Pilot program enlists ORV users in invasive species fight

Program coordinator: '(They) will be our eyes into the deep regions of the forest'

MECOSTA, OSCEOLA, LAKE COUNTY — The North Country Cooperative Species Management Area, which includes Mecosta, Osceola and Lake counties, has been awarded two grants totaling $334,000 from the Michigan Invasive Species grant program.

The Mecosta County Conservation District will act as the fiduciary for the funding on behalf of NCCISMA, according to program coordinator Vicki Sawicki.

One of the grants for $234,000 will fund a pilot program to engage off-road vehicle users in stopping the spread of invasive species, Sawicki said in a news release.

“This is a pilot program that will test the efficacy of our outreach efforts and see if the program has applications statewide,” Sawicki told the Pioneer. “We think ORV'ers are a resource that hasn’t been tapped into. We are seeing invasive species spread down trails and spread from one trail to another, and obviously no one wants that to happen, but many don’t realize how it happens. So, a big part it is awareness. We think the ORV'ers, once they are empowered with the knowledge of identification of these species, will be our eyes into the deep regions of the forest.”

The three-year program will consist of meeting ORV users where they are — sometimes that will be in local bars.

“We are starting with going to bars to talk to ORV'ers,” Sawicki said. “We have been challenged in the past to find the audience. We know they are out there, we know the numbers are huge. It is one of the biggest outdoor recreations in the state judging by the number of permits the state sells.

“We have tried to reach them by staging outreach at trailheads, but the problem is many people do not go to the trailheads. They don’t have to because they can go straight from their cabin to the trail,” she continued. “We would go to the trailheads, and as we would leave, we would drive the bars nearby and there would be a bunch of ORVs. So, this was born out of the question of how we reach that audience.”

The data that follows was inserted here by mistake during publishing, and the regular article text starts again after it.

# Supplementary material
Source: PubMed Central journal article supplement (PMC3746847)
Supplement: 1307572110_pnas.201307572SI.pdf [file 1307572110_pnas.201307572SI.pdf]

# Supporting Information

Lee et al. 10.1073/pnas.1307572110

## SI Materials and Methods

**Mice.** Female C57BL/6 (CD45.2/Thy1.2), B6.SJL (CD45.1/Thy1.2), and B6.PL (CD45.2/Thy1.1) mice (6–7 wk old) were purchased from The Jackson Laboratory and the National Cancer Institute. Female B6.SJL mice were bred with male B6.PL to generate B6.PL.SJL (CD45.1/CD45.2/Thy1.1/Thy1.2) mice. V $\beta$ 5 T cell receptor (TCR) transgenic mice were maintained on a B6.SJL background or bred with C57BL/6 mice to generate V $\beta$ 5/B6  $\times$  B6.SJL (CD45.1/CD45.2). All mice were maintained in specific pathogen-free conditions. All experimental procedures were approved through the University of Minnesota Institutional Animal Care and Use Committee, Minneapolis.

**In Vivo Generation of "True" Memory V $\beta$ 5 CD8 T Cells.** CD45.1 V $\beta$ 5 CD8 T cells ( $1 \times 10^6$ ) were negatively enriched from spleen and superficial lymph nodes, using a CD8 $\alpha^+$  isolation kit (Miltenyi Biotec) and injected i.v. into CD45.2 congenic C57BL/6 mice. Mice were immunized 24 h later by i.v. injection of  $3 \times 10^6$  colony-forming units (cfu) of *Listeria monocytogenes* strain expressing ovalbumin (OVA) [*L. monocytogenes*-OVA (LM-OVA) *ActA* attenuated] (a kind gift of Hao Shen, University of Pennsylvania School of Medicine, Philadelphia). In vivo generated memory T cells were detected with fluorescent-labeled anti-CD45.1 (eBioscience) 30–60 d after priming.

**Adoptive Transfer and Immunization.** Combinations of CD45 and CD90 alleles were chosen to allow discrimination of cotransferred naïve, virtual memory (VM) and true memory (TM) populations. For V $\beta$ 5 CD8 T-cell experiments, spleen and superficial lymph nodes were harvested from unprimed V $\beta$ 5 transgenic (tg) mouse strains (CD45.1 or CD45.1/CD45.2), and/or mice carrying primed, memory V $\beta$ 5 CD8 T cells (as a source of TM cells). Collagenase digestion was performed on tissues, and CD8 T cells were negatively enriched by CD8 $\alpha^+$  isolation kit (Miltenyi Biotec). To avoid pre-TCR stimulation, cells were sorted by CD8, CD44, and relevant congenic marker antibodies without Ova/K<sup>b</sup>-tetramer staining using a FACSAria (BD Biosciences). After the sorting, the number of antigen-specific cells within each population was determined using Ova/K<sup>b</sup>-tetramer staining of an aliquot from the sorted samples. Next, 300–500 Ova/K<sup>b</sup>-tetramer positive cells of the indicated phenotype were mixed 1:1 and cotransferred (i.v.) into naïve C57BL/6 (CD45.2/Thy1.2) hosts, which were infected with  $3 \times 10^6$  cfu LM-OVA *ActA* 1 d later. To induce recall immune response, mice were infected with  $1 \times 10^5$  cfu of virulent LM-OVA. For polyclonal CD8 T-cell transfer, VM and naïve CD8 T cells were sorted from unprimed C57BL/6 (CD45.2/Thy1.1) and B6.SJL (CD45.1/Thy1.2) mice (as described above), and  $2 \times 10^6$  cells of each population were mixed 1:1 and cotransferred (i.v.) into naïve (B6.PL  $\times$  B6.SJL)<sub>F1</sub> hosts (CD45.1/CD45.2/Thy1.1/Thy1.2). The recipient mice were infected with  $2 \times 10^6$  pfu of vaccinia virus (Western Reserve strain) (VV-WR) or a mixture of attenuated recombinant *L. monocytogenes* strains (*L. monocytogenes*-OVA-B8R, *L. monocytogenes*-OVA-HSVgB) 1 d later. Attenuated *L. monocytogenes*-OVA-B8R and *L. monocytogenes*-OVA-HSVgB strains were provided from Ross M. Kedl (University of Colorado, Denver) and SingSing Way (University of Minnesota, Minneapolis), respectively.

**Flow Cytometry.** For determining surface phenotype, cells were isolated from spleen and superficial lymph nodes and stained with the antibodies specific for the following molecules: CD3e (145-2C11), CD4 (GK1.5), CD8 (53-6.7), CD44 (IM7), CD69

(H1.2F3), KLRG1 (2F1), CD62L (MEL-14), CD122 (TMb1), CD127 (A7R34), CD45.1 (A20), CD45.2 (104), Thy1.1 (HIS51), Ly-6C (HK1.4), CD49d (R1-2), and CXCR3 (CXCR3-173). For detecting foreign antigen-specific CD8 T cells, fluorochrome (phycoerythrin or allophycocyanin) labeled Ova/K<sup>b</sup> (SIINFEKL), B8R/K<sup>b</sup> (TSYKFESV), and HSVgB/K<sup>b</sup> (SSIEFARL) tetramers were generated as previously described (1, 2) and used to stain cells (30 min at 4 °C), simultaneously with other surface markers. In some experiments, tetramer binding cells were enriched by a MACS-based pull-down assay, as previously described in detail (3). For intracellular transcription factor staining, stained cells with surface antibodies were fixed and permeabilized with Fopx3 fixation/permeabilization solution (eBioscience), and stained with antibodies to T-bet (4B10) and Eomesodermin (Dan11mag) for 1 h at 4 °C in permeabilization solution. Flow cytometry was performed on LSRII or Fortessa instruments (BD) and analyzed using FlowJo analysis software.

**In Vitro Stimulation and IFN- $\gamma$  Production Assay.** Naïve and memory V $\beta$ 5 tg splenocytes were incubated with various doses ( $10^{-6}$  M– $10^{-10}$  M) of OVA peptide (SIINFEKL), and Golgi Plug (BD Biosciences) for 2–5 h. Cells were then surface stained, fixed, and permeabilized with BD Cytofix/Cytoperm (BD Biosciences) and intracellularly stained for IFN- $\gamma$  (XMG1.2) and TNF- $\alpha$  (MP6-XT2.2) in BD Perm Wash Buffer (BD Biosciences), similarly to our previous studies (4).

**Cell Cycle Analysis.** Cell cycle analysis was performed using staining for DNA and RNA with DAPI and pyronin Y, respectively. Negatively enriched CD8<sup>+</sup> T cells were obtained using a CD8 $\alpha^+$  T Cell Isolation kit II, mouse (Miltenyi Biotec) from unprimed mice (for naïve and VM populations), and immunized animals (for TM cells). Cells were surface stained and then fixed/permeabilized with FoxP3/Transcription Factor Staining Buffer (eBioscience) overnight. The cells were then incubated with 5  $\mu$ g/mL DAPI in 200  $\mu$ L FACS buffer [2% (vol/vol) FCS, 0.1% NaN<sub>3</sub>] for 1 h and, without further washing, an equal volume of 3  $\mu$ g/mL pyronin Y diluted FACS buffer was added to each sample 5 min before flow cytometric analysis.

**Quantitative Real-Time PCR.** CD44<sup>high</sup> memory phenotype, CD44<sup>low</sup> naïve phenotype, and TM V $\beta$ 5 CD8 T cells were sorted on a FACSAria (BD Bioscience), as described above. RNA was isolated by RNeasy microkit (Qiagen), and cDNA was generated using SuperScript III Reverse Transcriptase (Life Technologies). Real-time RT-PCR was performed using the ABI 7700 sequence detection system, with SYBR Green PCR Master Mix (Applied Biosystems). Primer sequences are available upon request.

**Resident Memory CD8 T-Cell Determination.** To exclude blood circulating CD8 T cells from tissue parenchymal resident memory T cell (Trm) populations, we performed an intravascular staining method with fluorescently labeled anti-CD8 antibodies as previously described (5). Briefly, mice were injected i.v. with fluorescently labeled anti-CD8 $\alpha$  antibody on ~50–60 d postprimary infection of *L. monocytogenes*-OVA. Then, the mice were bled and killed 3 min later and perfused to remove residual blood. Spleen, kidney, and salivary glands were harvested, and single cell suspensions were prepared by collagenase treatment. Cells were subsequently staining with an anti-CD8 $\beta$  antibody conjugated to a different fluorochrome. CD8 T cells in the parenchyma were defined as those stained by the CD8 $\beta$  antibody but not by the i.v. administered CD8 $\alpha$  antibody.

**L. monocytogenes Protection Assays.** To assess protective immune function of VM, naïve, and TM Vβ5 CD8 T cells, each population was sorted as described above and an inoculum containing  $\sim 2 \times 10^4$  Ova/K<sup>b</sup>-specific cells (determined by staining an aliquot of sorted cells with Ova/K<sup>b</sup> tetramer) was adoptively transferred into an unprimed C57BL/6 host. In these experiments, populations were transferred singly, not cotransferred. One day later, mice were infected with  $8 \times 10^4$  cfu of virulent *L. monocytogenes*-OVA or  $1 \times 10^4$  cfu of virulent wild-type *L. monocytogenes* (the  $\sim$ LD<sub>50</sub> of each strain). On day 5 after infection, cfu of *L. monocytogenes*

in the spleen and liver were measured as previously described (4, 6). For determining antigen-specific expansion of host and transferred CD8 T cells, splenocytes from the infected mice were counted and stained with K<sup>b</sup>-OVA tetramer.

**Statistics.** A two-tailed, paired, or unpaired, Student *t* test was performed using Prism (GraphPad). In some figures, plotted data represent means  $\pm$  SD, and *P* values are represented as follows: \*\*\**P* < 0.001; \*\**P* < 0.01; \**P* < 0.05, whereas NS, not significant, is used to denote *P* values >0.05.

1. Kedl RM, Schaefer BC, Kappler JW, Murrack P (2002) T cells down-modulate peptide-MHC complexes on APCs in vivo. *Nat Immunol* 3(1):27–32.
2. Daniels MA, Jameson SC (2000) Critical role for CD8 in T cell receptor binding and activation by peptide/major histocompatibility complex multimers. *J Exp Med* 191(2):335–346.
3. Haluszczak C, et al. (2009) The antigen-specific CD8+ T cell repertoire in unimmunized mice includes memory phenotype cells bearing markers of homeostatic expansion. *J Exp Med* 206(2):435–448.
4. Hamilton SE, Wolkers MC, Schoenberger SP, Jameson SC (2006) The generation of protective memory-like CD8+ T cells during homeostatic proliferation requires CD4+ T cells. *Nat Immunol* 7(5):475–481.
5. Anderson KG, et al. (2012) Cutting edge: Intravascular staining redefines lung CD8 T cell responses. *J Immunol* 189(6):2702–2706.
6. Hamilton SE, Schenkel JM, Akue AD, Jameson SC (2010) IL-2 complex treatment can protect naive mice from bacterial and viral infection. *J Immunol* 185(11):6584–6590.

The program will involve interviewing ORV users to get their opinion about how to reach out to that cohort. There will also be a survey shared on Facebook pages and other sites where ORV groups post that will measure the current level of awareness, knowledge and attitudes about invasive species among trail users, Sawicki said.

The outreach portion of the program will consist of getting the message out there and making it cool to clean your vehicle before you go home, because it is often a matter of tiny seeds in the mud on your vehicle that can spread the invasive species, Sawicki said.

“We want to get the message out there in as many ways as we can,” she said. “Part of it will be billboard messaging, and we are going to try to get refrigerator magnets in rental units and Airbnbs. We will put posters in park stores, liquor stores and gas stations — all the places that ORV'ers need to go that are recreating in that way.

“And then we will be going back to the bars,” she added. “We will be hosting invasive species trivia nights and there will be prizes, such as gift certificates to car washes to wash their vehicles.”

In addition, she said, they will be starting a hashtag movement — something like #bringithomeclean — where people can post a photo of the ORV muddy and a photo of it clean and there will be prizes for that, as well.


Once the outreach program is complete, a second survey will be conducted to determine the effectiveness of the program, Sawicki said.

A large component of the grant will involve surveying the 527 linear miles of ORV trails for invasive species, Sawicki said. The results of that survey will be used to create educational signs to inform trail users.

“We will make signs to go at the trailheads of each trail to inform riders of the locations of the invasive species and what they look like so that they can try to avoid them,” she said. “We will also have information about the nearest car washes to the trail.”

This region is a destination for ORV users because of its many great trails. Maintaining quality trails and healthy native ecology are both critical to this area, for keeping businesses that depend on this area being a destination for ORV users, and also for hunting, fishing and wildlife viewing, as well as to maintain the expected quality of life for area residents, Sawicki said in the news release.

Whenever trail riders encounter invasive species, they can report it by using the Midwest Invasive Species Information Network, she said.

“They have a free phone app that wherever you are, if you see an invasive species, you stand next to it and press a couple of buttons,” Sawicki said. “This is where we pull the data for our grant writing. This information helps us inform our decisions.”

Sawicki said the program is still in the planning stages and that the bar trivia will likely take place during the free ORV weekends, which are in June and August. The first one is planned for August 2022.